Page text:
The present GWAS study represents an effort to detect additional genes underlying human stature variation and replication evidence for previously identified stature loci. The most important result from this study is the finding that two genomic regions containing SBF2 and FLNB appear to be two novel loci that determine variation of stature. This study also provides additional replication evidence for some of the already published stature loci.
Previous GWAS studies of human stature have identified genetic variants that, collectively, explain <10% of the population variation in stature; thus most of the genetic basis for variations in stature remains unexplained. Results of the current GWAS study were able to confirm approximately a dozen previously identified genetic variants for their associations with stature (4
), but a large number of previously identified genetic variants failed to be replicated for their associations with stature. Most of the previously published loci explained <0.3% of stature variation. Using a threshold P
= 0.05, the statistical power in a sample size of 1000, estimated by the software Genetic Power Calculator (http://pngu.mgh.harvard.edu/~purcell/gpc/qtlassoc.html
), is <50% for detecting a gene that accounts for 0.3% of stature variation. Therefore, the most likely reason why so many loci did not replicate is a lack of robust statistical power. Another potential explanation for such failure to replicate is that some of the previously identified loci may be population specific.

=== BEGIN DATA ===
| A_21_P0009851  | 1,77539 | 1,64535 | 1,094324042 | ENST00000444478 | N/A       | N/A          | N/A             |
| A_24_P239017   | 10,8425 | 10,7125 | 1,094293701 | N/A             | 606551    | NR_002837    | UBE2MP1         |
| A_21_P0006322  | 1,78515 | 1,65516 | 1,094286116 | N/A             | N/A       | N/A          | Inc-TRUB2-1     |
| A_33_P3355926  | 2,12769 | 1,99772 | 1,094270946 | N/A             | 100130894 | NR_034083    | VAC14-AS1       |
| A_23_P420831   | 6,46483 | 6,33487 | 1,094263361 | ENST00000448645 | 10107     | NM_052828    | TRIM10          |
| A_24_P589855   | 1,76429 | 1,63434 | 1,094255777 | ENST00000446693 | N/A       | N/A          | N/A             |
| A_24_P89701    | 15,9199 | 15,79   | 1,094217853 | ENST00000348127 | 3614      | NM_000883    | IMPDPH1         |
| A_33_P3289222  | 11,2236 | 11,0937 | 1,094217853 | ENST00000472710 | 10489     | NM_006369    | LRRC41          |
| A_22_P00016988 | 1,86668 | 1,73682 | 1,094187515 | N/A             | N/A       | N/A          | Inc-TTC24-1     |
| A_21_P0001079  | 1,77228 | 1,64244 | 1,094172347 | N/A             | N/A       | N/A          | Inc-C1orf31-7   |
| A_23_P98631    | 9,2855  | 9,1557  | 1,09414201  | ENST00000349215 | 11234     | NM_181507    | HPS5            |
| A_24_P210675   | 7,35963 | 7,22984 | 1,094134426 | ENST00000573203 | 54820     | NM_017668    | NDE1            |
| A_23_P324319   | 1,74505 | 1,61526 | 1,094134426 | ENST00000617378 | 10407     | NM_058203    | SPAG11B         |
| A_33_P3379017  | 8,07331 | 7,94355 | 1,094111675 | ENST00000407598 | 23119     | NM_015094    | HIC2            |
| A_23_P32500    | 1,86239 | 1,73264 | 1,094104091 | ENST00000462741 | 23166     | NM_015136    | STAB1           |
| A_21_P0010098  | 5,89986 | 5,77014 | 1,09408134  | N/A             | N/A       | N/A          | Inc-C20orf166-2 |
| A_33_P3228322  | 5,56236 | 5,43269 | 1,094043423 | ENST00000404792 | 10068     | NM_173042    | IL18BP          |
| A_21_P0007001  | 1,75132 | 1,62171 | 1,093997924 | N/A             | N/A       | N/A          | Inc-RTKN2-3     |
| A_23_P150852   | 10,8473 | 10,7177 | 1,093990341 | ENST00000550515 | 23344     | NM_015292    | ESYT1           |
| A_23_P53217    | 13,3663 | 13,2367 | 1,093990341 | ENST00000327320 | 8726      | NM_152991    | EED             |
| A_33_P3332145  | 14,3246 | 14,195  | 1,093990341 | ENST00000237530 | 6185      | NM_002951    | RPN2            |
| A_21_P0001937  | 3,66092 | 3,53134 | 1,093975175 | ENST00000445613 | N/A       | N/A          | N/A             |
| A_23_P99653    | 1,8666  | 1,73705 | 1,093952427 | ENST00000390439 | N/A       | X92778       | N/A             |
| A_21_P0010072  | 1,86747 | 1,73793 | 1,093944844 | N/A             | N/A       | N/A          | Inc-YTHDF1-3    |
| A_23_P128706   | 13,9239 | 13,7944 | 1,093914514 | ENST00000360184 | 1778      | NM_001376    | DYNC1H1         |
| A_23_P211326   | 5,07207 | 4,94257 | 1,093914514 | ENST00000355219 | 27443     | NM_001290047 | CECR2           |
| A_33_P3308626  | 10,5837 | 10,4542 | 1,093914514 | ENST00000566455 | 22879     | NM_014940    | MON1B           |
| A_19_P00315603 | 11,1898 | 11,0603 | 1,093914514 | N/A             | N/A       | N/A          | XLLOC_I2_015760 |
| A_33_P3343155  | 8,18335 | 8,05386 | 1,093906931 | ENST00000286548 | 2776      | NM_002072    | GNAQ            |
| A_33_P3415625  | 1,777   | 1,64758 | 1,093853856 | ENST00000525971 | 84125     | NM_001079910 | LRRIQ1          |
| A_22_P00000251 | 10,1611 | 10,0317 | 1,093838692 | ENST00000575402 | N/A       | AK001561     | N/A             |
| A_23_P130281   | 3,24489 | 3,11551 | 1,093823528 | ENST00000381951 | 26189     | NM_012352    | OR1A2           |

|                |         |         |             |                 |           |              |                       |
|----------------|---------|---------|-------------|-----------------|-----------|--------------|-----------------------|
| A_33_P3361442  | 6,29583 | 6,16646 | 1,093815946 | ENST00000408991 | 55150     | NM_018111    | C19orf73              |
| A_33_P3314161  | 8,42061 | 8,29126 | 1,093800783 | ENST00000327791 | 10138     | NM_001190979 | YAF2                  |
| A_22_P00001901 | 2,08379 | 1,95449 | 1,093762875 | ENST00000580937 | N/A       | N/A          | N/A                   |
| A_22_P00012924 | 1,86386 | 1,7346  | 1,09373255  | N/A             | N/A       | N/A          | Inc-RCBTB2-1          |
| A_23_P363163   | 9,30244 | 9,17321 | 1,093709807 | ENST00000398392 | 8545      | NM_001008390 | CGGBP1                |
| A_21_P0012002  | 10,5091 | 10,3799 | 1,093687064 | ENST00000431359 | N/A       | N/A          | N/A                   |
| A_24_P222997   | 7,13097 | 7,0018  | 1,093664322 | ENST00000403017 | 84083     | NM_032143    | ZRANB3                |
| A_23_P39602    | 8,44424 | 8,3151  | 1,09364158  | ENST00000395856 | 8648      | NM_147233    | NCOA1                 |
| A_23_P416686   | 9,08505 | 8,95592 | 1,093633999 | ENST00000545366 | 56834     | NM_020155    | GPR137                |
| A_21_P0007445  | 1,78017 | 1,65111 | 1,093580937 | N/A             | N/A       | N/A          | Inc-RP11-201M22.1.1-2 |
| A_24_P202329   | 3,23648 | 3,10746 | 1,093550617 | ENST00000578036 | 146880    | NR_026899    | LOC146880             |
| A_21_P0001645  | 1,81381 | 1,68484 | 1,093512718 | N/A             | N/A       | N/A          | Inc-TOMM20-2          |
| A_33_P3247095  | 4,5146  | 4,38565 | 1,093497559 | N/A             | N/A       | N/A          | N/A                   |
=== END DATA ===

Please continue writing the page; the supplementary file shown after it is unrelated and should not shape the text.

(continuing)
We compared the associations for the four SNPs, which were selected for replication studies (listed in Table ), to the freely available height association results, which were deposited by Wellcome Trust Case Control Consortium (WTCCC) and published on-line from the British 1958 Birth Cohort DNA Collection (www.b58cgene.sgul.ac.uk/
), but the signals for these SNPs are negative [P
= 0.92 (β = 0.0248), 0.88 (β = −0.0466), 0.61 (β = −0.1219) and 0.59 (β = −0.1352), and one-tailed P
= 0.46, 0.56, 0.68 and 0.70, for rs10734652, rs1867138, rs11607174 and rs9834312, respectively]. There are many factors potentially resulting in lack of replication. First, the effect sizes of variants observed in our data may be very small and thus easily lead to failure of replication. Using the observed one-tailed P
-values in the public data as thresholds, the estimated power (by the software Genetic Power Calculator) is >91.7 to replicate a variant that accounts for 0.3% of stature variation. However, our estimated effect sizes for the identified markers in our initial GWAS study are from 0.43 to 1.04% (Table ). Therefore, the public data seem to suggest that our effect sizes are overestimated. Secondly, the difference in gene–gene or gene–environment interactions between the two data sets may result in inconsistency in replication. Thirdly, the association results for the four SNPs have a chance of 3.4–8% representing false positives, as the estimated FDR q
values are 0.034, 0.034, 0.071 and 0.08 for rs10734652, rs1867138, rs11607174 and rs9834312, respectively, at the genome-wide levels (Table ).